Deceptive interview methods could be prohibited in juvenile cases

The use of deceptive questioning of juveniles in connection with a crime would be prohibited under a bill considered by the Judiciary Committee Jan. 19.

Sen. John Cavanaugh
Sen. John Cavanaugh

LB732, sponsored by Omaha Sen. John Cavanaugh, would prohibit peace officers from using deception as a means of interrogating individuals under the age of 18 in connection with an act that, if committed by an adult, would constitute a crime.

Under the bill, statements made by juveniles as a result of deceptive practices used by peace officers would not be admissible as evidence against the juvenile in any court proceedings. 

Cavanaugh said juveniles may not understand the consequences of a statement made to police, or that police are not authorized to make any promises regarding the disposition of a case or leniency in exchange for testimony.

“False confessions are a serious problem in the criminal justice system and juveniles are more susceptible to making a false confession,” Cavanaugh said. “They are more likely to make a false confession when presented with false claims and evidence or a friend’s statement because their brains are still developing.”

Laurie Roberts testified in support of LB732 on behalf of The Innocence Project. False confessions are the most common contributing factor in homicide exonerations in the country, she said, and are present in 30 percent of all exonerations that have been proven through DNA. 

Roberts said false confessions can result from real or perceived threats from law enforcement, and a number of other factors, including fear of harsher punishment if one doesn’t confess.

Joe Nigro testified on behalf of the Lancaster County Public Defender’s Office and the Nebraska Criminal Defense Attorneys Association in support of the bill. He said a juvenile judge once told him that it “poisons” a child when an officer lies to them.

“They won’t trust their attorney, the judge, the probation officers – and that’s true whether the child is charged in juvenile or adult court,” Nigro said. “It’s a crime to lie to law enforcement, so why should police be able to lie to children?”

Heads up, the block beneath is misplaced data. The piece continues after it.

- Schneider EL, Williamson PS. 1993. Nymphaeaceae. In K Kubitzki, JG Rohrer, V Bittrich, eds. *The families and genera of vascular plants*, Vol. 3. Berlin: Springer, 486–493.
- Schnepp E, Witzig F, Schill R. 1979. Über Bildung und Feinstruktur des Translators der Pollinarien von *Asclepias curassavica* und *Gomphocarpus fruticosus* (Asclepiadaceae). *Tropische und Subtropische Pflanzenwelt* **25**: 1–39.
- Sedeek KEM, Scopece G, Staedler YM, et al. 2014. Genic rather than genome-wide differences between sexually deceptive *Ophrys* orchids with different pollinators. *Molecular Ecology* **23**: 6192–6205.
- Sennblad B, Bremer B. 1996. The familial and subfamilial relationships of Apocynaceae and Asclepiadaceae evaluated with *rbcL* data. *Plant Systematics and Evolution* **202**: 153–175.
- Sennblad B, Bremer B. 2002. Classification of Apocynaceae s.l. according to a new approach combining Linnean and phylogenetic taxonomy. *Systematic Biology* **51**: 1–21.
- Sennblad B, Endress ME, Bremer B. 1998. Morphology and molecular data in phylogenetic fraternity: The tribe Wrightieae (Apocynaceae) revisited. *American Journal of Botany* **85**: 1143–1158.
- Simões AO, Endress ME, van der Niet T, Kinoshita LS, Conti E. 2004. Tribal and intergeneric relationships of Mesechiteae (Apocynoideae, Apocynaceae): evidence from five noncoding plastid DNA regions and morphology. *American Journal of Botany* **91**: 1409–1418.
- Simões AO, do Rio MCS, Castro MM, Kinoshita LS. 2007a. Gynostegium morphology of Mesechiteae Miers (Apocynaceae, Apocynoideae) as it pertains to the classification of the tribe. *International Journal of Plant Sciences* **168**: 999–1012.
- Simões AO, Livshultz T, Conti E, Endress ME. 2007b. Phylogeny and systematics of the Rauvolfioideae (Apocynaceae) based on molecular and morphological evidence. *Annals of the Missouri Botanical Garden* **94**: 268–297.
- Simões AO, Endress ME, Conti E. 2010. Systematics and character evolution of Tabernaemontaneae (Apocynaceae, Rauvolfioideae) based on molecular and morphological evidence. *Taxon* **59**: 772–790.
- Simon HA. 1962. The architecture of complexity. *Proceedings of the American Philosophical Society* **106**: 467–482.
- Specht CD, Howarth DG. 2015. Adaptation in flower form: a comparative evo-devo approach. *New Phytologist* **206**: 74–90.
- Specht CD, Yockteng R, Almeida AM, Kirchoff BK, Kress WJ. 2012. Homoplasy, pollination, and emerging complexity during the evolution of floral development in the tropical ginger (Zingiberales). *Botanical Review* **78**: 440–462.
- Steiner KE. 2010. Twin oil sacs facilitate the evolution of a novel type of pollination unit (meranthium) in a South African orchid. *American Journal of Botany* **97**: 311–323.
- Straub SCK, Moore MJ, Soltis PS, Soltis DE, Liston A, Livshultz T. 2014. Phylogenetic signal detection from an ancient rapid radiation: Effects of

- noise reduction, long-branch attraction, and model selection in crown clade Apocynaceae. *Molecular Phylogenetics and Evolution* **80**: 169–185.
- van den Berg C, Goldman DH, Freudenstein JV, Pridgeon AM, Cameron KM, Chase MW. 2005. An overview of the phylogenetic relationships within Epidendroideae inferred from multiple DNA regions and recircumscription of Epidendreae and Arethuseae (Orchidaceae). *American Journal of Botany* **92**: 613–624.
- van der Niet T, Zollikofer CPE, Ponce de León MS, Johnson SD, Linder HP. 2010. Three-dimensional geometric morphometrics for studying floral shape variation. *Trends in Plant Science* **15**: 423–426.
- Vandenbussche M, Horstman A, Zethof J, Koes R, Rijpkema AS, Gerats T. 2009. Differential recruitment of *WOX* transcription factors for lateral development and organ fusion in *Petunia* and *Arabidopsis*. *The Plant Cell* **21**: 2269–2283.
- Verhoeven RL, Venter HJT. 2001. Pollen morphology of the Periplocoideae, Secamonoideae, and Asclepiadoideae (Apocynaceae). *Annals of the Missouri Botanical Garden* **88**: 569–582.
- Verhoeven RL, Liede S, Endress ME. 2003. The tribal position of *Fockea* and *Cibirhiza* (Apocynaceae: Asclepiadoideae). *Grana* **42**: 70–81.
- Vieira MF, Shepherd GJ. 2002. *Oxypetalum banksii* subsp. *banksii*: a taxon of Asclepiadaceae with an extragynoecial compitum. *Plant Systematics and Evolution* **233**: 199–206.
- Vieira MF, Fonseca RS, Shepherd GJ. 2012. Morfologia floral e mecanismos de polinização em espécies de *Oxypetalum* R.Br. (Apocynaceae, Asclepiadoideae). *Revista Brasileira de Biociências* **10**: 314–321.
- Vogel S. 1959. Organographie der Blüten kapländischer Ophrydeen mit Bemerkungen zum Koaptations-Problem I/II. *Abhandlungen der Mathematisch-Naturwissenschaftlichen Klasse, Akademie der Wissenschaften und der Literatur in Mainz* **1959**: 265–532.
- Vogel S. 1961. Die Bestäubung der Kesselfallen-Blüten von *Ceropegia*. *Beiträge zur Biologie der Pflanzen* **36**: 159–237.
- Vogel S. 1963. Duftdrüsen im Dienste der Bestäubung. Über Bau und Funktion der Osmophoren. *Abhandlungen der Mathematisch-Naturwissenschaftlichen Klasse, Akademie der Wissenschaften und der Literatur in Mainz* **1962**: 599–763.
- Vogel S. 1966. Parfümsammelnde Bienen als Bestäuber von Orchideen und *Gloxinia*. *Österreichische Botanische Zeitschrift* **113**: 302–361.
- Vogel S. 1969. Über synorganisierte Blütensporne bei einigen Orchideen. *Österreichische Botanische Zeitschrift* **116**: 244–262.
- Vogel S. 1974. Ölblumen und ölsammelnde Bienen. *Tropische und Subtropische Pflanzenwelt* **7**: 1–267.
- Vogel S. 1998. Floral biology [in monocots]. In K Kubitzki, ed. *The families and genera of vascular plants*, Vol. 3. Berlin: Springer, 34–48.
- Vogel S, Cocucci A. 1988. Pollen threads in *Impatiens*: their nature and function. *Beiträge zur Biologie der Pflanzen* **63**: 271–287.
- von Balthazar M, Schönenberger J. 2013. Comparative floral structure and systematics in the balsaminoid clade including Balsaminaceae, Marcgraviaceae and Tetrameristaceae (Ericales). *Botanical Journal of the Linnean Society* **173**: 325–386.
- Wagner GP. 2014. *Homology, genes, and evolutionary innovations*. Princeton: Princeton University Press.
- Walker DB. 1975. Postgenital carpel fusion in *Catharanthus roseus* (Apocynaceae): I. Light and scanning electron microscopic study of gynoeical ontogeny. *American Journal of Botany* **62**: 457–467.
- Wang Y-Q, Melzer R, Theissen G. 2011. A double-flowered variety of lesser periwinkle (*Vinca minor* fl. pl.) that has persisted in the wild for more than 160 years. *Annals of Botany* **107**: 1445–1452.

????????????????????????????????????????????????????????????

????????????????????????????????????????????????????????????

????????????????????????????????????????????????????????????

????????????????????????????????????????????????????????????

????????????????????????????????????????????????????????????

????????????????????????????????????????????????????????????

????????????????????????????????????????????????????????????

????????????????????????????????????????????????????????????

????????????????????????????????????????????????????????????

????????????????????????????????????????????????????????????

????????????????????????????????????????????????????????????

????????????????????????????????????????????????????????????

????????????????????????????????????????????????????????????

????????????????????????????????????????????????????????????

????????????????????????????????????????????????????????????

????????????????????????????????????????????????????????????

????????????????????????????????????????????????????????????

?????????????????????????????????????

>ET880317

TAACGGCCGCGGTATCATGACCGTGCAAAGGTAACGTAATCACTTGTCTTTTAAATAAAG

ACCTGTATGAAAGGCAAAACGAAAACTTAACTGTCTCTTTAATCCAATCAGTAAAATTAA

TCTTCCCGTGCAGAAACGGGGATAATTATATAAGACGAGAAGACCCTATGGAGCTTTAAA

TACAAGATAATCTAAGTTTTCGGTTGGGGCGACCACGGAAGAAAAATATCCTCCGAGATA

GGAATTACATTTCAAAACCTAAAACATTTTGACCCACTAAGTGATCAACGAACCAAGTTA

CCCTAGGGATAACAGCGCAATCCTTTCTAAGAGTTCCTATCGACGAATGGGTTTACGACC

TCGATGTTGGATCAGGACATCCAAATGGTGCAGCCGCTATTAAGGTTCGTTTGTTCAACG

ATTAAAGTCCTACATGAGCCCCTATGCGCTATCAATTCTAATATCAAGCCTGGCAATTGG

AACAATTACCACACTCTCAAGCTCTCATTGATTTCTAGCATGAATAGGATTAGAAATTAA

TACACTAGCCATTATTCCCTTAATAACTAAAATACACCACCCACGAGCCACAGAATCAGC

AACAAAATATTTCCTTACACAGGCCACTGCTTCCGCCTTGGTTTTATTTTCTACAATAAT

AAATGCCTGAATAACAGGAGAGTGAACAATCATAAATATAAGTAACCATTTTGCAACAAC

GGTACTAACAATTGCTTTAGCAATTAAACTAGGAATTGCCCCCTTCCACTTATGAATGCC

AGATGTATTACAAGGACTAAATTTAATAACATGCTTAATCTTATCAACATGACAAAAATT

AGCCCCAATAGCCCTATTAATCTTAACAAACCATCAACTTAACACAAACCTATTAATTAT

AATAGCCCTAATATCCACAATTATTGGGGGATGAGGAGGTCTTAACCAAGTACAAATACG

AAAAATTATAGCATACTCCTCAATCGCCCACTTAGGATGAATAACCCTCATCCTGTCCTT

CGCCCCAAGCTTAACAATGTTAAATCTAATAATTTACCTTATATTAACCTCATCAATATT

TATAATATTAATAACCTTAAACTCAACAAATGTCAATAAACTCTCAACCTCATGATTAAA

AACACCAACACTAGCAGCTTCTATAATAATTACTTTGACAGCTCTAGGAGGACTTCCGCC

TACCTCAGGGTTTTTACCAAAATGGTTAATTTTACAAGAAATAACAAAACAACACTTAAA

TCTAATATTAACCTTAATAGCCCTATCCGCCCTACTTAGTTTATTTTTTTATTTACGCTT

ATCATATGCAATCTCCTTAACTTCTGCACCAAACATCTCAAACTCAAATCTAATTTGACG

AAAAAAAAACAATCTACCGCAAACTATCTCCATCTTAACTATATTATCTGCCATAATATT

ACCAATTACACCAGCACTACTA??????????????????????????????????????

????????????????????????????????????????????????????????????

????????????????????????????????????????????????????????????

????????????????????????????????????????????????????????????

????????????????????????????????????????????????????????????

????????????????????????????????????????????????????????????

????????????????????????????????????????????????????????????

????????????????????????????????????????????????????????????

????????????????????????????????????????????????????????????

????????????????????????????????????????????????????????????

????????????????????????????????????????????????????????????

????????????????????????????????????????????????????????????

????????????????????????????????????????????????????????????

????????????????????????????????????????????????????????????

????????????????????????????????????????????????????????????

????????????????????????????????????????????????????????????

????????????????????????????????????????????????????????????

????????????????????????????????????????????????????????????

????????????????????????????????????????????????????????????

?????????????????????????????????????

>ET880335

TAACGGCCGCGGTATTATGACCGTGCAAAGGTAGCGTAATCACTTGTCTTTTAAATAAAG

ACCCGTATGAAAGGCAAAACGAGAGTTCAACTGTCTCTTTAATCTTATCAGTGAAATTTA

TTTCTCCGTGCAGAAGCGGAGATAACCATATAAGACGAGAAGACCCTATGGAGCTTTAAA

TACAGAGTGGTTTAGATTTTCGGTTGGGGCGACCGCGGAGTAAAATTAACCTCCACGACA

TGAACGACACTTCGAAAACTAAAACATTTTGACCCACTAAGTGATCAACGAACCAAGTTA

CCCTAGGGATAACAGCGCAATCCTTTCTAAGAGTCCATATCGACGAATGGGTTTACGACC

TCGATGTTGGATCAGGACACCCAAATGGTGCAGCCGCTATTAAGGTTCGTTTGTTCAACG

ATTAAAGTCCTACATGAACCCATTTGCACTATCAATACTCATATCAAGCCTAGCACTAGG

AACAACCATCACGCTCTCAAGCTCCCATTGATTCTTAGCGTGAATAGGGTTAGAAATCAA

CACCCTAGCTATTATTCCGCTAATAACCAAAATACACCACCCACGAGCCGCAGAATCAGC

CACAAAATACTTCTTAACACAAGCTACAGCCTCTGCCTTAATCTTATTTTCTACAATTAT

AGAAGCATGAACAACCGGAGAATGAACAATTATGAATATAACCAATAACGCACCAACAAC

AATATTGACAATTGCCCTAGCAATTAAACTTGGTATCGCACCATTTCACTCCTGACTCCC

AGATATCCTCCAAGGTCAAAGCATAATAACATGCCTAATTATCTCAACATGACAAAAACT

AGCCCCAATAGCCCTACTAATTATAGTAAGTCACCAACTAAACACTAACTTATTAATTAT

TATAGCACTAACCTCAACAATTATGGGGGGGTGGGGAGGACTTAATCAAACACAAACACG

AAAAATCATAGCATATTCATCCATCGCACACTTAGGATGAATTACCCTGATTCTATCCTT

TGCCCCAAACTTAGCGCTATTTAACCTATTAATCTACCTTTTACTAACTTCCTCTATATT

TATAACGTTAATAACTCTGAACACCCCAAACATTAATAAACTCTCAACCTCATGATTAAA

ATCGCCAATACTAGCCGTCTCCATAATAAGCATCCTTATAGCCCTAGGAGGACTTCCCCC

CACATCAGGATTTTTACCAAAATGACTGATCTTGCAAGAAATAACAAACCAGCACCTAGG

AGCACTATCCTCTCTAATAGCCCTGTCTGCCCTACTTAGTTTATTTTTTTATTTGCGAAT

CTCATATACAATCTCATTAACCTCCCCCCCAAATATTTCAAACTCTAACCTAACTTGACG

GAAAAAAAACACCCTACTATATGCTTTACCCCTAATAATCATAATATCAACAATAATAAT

Taylor Givens-Dunn also testified in support of LB732 on behalf of Voices for Children in Nebraska, saying national research demonstrates that children are substantially more likely to falsely confess to crimes they did not commit. 

“Studies of exonerations have found that about 13 percent of adult exonerations involved false confession while 43 percent of juvenile cases [involved false confession],” Givens-Dunn said. “The younger the child, the more likely the false confession.”

In opposition to the bill was Jim Maguire, who testified on behalf of the Omaha Police Officer’s Association and the Nebraska Fraternal Order of Police. He said that if deceptive methods are used during an interrogation, it’s typically to observe body language and to gauge a suspect’s response. 

“We are not in the business of obtaining false confessions,” Maguire said. “We don’t use deceptive tactics in every interview. All we want to do is find out the truth.”  

Captain Tracy Scherer also spoke in opposition to the bill on behalf of the Omaha Police Department. She said the Supreme Court consistently has upheld the use of deception during suspect interviews and does not delineate between adults and juveniles. 

“This bill narrows the scope of police interviews so narrowly that interviews would almost become obsolete,” Scherer said. “Additionally, this bill does not provide for any exceptions regarding severity of the crime, age or experience of the juvenile.” 

The committee took no immediate action on LB732.

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